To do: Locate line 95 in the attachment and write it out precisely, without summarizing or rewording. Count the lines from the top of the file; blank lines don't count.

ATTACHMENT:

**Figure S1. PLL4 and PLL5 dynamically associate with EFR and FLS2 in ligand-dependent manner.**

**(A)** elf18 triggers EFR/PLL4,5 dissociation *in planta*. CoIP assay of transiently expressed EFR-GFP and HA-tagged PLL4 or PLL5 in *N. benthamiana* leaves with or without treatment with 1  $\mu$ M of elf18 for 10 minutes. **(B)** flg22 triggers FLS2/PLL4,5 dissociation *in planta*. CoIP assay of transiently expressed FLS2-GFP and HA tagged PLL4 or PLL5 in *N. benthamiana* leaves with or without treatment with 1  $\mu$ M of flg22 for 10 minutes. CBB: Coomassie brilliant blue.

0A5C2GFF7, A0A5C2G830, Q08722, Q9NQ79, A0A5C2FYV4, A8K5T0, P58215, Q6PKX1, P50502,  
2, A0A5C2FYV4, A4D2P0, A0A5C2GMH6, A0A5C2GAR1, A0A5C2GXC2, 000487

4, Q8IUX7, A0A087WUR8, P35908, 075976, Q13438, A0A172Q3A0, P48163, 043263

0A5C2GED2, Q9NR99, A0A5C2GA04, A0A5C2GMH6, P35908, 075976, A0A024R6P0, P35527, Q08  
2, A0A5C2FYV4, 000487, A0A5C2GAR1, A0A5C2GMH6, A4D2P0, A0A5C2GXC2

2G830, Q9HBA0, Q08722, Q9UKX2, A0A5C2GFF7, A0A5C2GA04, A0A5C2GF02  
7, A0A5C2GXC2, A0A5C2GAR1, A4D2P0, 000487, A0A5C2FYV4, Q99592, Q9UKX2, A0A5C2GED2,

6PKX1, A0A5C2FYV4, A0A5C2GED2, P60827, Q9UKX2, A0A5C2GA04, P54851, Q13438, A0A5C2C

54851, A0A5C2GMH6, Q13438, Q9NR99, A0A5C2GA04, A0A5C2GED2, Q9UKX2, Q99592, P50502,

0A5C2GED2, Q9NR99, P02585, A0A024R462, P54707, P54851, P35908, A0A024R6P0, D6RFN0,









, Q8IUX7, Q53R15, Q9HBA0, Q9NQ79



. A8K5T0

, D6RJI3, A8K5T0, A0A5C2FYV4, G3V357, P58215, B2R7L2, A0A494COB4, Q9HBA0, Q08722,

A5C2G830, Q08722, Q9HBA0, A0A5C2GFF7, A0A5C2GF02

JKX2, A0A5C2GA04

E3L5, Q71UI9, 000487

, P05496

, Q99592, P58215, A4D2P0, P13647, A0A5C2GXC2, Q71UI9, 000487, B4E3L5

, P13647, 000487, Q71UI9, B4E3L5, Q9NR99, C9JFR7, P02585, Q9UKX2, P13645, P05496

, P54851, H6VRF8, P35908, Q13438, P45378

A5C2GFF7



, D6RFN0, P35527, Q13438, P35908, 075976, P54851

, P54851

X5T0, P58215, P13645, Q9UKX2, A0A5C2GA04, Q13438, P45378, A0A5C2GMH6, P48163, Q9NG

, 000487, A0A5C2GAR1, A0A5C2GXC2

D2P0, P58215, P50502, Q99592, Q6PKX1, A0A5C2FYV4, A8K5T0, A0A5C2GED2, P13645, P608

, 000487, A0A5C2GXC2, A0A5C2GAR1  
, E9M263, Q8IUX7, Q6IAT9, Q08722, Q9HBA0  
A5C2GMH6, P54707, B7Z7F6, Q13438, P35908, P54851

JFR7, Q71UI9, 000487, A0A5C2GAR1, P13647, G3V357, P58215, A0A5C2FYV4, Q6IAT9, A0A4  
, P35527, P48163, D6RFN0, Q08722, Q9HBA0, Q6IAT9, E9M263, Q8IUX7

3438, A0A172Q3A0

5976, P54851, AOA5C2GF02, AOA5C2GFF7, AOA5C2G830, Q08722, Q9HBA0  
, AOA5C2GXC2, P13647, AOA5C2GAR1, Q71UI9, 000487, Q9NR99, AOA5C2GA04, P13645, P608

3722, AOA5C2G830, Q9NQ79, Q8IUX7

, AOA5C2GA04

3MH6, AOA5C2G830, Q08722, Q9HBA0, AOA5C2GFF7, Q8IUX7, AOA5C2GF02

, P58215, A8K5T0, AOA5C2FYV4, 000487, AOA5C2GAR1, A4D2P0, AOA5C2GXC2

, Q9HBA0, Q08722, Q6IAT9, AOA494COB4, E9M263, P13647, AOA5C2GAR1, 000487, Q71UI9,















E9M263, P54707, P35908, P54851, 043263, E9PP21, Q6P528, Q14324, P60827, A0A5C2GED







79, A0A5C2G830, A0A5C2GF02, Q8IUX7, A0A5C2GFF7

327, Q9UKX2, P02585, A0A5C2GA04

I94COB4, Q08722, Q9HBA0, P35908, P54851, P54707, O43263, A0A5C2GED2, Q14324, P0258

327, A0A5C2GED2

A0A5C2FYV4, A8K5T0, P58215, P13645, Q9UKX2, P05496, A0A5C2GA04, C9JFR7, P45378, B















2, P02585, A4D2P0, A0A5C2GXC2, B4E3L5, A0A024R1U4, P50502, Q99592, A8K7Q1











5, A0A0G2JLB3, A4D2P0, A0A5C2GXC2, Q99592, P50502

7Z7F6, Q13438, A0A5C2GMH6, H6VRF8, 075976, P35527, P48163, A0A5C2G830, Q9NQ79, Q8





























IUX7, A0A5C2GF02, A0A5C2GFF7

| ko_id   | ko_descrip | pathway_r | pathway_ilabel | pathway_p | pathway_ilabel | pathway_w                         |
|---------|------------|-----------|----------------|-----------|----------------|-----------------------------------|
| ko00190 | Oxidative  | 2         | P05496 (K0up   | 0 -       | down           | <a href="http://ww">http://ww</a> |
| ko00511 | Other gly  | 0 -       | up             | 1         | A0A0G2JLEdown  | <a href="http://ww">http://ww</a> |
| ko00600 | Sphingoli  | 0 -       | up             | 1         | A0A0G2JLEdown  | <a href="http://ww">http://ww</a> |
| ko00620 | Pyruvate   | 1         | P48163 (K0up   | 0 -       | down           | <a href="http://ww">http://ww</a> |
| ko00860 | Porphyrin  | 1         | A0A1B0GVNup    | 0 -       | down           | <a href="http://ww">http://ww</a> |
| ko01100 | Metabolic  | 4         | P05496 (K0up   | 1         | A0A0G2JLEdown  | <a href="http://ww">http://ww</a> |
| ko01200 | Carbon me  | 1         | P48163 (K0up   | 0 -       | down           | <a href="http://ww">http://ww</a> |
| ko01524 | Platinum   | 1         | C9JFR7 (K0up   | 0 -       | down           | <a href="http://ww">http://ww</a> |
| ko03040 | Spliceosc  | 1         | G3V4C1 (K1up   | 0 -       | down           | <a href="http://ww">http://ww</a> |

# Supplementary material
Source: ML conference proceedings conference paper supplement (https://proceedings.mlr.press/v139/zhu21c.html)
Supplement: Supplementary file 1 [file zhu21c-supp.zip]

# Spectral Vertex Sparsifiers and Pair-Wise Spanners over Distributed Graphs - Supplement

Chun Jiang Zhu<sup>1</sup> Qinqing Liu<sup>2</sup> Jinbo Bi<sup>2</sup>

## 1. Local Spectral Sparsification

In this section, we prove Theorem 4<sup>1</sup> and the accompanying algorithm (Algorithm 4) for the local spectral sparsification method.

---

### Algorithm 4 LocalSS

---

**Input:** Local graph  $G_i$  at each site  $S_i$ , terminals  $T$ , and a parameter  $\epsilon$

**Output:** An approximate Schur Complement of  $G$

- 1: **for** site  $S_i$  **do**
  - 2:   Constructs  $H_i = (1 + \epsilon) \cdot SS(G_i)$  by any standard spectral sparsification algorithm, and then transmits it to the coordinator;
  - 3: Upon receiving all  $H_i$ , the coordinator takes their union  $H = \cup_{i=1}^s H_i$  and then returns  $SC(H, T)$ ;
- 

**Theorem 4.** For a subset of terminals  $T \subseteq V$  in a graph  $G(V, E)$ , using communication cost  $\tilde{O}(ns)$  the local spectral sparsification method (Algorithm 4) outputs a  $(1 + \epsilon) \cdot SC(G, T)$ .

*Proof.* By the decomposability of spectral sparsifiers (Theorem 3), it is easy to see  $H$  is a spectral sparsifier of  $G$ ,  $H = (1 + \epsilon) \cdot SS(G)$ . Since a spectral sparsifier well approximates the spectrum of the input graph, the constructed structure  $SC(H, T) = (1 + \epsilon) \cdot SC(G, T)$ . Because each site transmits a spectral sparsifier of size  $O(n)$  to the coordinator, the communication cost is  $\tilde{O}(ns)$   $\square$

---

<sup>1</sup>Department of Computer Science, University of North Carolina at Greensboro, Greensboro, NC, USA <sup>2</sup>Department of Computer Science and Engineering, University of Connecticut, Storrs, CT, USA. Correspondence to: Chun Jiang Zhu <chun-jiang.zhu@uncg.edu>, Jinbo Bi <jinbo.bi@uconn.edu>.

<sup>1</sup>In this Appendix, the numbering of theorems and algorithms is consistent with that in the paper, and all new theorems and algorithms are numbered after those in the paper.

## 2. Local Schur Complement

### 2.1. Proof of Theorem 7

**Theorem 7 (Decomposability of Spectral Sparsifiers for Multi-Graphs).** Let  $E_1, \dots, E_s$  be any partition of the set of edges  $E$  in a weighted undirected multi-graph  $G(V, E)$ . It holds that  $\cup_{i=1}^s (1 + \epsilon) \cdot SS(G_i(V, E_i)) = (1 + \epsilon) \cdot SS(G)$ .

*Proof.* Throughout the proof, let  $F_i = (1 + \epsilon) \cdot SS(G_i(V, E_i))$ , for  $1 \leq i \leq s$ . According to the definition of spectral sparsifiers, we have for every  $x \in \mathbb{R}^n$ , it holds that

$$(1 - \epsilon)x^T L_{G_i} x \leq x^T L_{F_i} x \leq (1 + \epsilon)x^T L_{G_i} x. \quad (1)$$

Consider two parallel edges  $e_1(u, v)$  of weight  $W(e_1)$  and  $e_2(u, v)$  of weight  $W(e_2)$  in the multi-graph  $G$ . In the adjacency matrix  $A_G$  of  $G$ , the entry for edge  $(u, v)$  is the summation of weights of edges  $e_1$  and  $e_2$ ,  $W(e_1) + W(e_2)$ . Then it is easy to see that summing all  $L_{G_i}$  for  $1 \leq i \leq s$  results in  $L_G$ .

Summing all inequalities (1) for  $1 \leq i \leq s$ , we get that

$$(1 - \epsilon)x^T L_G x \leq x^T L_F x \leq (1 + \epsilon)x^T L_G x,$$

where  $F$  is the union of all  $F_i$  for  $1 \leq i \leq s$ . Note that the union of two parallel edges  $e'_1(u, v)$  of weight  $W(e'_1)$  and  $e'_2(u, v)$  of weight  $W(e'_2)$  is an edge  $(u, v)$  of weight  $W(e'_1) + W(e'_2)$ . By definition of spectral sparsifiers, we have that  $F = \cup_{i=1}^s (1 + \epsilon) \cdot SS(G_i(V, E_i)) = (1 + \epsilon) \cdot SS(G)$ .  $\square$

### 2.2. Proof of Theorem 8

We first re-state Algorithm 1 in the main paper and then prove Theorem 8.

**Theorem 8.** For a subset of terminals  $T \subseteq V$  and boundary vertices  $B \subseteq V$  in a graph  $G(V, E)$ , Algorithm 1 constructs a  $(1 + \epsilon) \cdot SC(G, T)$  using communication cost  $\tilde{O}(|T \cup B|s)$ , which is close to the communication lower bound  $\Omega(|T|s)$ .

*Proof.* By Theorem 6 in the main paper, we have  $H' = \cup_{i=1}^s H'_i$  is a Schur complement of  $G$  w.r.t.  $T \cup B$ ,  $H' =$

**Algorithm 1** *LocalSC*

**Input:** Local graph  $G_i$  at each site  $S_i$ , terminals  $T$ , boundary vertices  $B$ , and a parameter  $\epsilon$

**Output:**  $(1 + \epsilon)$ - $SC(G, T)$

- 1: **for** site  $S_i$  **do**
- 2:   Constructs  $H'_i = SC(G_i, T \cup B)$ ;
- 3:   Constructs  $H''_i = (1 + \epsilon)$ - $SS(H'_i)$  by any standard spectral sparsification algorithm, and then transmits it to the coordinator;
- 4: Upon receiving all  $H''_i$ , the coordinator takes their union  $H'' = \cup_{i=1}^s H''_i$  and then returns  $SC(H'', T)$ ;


**Theorem 8.** For a subset of terminals  $T \subseteq V$  and boundary vertices  $B \subseteq V$  in a graph  $G(V, E)$ , Algorithm 1 constructs a  $(1 + \epsilon) \cdot SC(G, T)$  using communication cost  $\tilde{O}(|T \cup B|s)$ , which is close to the communication lower bound  $\Omega(|T|s)$ .